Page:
A select group of accounting students who have rigorously studied Internal Revenue Service materials and software will help people file their state and federal income tax returns beginning Feb. 12.
Those whose 2010 gross yearly income was $55,000 or less can have their taxes prepared by Cal Poly Pomona students for free in one of four Pomona locations. Many of the students also speak Spanish, Mandarin, Korean and Vietnamese.
The Volunteer Income Tax Assistance (VITA) program is offered as part of a course, service learning in taxation, taught by Accounting Professor Ahmed M. Abo-Hebeish, a certified public accountant. In the last three years, the maximum income level has increased significantly, from $40,000 in 2008 to $55,000 in 2010. Abo-Hebeish said that his students are committed to helping as many community members as possible.
“In this economy, everyone is looking for a way to save on costs,” Abo-Hebeish says. “With this service, not only do taxpayers get free assistance but they can tap into students’ extensive knowledge, all of whom have had to pass two IRS exams in order to volunteer.”
Abo-Hebeish also wants to encourage the Cal Poly Pomona community to take advantage of this free service.
Jimmy Wong (accounting, ’09) participated in the VITA program in 2009, the same year he graduated from Cal Poly Pomona. Wong said he enjoyed being an asset to the community so much that he volunteered in 2010 and plans to help again this year even though he has a full-time job as a systems analyst for Southern California Edison. This time Wong will serve as one of the supervisors, overseeing students’ work.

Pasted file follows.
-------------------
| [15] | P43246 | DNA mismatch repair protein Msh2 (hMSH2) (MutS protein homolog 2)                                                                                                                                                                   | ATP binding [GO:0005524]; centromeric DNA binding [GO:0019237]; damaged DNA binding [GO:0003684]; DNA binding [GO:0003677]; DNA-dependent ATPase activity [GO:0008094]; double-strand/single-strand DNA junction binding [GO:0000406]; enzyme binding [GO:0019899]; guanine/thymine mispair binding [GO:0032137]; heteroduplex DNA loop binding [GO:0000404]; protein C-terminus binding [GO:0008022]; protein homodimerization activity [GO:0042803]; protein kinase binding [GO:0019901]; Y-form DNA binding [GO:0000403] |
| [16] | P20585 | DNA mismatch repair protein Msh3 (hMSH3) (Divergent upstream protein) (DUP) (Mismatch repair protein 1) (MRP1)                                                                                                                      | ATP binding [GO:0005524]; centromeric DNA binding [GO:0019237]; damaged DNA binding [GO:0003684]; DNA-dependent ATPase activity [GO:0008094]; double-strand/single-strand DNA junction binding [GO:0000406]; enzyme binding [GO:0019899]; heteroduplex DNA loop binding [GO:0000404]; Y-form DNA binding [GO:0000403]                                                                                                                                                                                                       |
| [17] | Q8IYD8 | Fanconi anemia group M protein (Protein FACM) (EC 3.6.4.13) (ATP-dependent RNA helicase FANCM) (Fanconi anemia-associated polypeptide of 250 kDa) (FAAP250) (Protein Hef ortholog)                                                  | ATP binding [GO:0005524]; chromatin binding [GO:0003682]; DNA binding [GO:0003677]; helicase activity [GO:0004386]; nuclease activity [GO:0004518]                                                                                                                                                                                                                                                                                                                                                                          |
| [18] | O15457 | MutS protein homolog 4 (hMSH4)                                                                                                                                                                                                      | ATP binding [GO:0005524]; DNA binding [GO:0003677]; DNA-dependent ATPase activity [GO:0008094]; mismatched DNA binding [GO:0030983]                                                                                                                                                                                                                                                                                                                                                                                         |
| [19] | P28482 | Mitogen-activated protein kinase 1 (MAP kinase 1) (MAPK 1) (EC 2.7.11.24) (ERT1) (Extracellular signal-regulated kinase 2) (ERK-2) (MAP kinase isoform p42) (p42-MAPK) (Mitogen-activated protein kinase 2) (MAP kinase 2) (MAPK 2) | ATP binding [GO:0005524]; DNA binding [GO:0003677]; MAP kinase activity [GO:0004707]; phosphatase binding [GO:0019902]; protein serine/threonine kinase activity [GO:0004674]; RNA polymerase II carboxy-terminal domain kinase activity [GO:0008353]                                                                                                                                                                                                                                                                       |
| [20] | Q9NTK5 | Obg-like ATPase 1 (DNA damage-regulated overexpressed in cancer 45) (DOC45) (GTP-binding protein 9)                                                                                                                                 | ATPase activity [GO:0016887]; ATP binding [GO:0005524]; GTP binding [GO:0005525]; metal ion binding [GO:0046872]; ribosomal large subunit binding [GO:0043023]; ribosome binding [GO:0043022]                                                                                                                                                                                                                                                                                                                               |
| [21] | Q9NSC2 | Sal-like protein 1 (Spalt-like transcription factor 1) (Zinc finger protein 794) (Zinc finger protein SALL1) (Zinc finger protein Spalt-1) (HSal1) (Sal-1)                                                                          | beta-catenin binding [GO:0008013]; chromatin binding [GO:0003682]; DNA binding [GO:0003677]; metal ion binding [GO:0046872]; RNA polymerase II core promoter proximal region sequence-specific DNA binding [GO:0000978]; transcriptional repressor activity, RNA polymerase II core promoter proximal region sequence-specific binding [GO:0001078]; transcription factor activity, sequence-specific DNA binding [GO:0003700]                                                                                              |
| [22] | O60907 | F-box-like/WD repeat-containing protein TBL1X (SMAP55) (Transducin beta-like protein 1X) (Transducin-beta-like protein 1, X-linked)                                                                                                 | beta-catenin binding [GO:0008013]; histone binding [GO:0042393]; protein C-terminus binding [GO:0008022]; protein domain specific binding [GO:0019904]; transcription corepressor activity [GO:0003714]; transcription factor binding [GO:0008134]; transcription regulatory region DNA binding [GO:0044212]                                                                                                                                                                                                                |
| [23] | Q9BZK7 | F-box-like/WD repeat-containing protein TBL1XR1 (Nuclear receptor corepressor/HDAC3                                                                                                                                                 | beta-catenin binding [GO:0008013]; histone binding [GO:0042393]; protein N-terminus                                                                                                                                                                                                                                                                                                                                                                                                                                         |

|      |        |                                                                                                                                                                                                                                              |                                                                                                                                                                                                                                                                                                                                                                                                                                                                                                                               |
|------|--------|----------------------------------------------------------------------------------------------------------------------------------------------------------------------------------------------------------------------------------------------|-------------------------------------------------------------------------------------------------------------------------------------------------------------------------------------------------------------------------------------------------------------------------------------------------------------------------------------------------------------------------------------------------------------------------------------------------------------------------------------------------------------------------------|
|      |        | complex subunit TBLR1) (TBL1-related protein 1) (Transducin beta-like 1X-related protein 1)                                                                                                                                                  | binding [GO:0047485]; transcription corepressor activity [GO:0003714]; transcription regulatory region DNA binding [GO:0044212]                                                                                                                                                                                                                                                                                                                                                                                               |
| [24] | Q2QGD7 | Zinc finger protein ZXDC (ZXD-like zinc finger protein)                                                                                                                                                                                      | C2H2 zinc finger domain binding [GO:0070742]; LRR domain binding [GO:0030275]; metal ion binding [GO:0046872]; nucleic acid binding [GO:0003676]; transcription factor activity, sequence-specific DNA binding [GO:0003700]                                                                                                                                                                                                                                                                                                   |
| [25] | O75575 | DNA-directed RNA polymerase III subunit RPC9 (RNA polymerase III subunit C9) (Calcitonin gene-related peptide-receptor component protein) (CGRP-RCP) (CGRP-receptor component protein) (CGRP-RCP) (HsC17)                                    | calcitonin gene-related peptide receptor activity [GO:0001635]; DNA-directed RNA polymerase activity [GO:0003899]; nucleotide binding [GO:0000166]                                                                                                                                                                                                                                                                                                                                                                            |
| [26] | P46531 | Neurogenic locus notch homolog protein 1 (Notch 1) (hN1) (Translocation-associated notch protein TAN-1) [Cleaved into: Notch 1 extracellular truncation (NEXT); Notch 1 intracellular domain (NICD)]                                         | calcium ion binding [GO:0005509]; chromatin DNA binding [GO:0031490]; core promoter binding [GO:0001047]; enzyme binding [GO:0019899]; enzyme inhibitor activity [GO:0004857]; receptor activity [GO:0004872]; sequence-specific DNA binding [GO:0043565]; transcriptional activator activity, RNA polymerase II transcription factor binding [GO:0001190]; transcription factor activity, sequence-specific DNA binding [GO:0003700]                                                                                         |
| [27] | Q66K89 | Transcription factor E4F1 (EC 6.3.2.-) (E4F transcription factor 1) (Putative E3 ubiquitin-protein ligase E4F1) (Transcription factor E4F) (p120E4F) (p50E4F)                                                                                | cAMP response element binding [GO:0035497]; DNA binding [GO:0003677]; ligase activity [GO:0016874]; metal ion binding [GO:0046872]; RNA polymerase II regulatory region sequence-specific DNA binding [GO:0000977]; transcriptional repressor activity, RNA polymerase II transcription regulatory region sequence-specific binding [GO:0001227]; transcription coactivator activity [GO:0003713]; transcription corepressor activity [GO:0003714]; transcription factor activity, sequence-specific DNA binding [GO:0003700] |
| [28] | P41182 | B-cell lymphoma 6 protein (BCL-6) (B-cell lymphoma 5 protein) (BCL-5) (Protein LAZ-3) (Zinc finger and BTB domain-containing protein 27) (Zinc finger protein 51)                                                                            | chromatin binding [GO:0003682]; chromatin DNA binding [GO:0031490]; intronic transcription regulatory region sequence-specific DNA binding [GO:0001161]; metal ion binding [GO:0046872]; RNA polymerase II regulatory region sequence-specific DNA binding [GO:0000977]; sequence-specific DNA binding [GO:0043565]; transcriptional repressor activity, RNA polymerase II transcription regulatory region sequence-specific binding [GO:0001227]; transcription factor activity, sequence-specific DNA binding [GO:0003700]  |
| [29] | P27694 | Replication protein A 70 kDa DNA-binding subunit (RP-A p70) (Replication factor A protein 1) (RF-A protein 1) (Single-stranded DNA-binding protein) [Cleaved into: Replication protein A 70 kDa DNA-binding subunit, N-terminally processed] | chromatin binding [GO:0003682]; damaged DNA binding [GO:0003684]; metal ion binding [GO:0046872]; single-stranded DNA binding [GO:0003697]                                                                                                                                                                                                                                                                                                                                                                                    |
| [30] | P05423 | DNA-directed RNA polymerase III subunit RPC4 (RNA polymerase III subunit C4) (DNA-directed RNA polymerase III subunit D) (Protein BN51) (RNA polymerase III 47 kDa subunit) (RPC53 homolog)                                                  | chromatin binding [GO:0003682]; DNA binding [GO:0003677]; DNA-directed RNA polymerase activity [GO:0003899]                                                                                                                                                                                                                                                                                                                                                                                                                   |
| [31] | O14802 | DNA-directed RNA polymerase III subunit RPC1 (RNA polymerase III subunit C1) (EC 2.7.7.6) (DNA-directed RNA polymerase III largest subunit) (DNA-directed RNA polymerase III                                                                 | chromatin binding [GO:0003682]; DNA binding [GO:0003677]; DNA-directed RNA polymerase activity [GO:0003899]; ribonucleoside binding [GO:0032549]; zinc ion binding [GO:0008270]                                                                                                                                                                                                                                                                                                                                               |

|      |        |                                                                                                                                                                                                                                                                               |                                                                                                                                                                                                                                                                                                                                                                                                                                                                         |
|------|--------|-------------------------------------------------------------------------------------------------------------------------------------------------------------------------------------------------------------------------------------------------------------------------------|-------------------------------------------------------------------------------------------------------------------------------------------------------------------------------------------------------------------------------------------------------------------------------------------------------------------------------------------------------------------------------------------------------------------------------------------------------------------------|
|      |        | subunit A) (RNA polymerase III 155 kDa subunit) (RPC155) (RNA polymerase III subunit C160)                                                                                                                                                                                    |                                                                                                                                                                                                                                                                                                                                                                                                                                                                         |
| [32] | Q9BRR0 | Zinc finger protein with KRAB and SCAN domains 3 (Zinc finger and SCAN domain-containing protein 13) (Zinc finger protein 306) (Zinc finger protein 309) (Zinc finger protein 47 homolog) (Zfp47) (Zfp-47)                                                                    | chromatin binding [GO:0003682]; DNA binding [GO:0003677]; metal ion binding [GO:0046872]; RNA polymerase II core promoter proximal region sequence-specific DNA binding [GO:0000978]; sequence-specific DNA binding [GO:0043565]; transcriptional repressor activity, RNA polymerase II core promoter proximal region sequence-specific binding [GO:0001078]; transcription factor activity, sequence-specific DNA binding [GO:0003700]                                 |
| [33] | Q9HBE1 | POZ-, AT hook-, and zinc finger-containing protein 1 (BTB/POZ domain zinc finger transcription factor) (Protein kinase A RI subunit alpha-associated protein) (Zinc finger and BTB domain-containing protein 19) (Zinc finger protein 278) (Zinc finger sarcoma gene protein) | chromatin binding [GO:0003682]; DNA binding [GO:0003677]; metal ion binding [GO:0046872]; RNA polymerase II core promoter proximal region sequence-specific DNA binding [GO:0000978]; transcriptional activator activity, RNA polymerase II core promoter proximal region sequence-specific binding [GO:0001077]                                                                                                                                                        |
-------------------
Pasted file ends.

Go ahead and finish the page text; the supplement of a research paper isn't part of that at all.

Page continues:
“I really like doing taxes and I feel like I should use my experience to help people out,” Wong says. “Being a volunteer has helped me too. I learned the people skills that you can’t learn in a classroom and this year I will be able to use my leadership skills as I manage students and pass on my experience.”
Wong is not the only former student who is assisting his alma mater in serving the community. Alumna Chau Truong (accounting, ’10), who participated in the VITA program in 2010 as a student, will return this year as well. Truong, a business analyst at Southern California Edison says she plans to volunteer for several more years. She says it helps that her employer encourages its workers to give back to the community.
In order to get the most out of the free service, Abo-Hebeish advises clients to come in at least an hour before closing and bring all necessary documents including identification cards and social security cards for all household members. Also, people should bring their W-2 forms and any other documents that show income such as child support, alimony and interest on money. To qualify for certain exemptions, people are advised to bring medical and child care bills and any other documentation. Even if people are not certain if something qualifies as an exemption, Abo-Hebeish said it also best to bring the paperwork just in case.
The service is funded by the College of Business Administration and the Accounting Department in conjunction with the Inland Empire United Way.
People can receive assistance at the following Pomona locations: Boys & Girls Club, Inland Empire Credit Union – Pomona, YMCA of Pomona Valley and Pomona Public Library.
WHO: Cal Poly Pomona accounting students
WHAT: Free tax return preparation and e-filing for people who earn $55,000 or less. No appointment necessary.
Boys & Girls Club
1420 S Garey Ave., Pomona
9 a.m. to 5 p.m.
Inland Empire Credit Union – Pomona
435 W. Mission Blvd. Suite 100, Pomona
9 a.m. to 1 p.m.
YMCA of Pomona Valley
350 N. Garey Ave., Pomona
9 a.m. to 5 p.m.
Pomona Public Library
625 S. Garey Ave., Pomona
Noon to 4 p.m.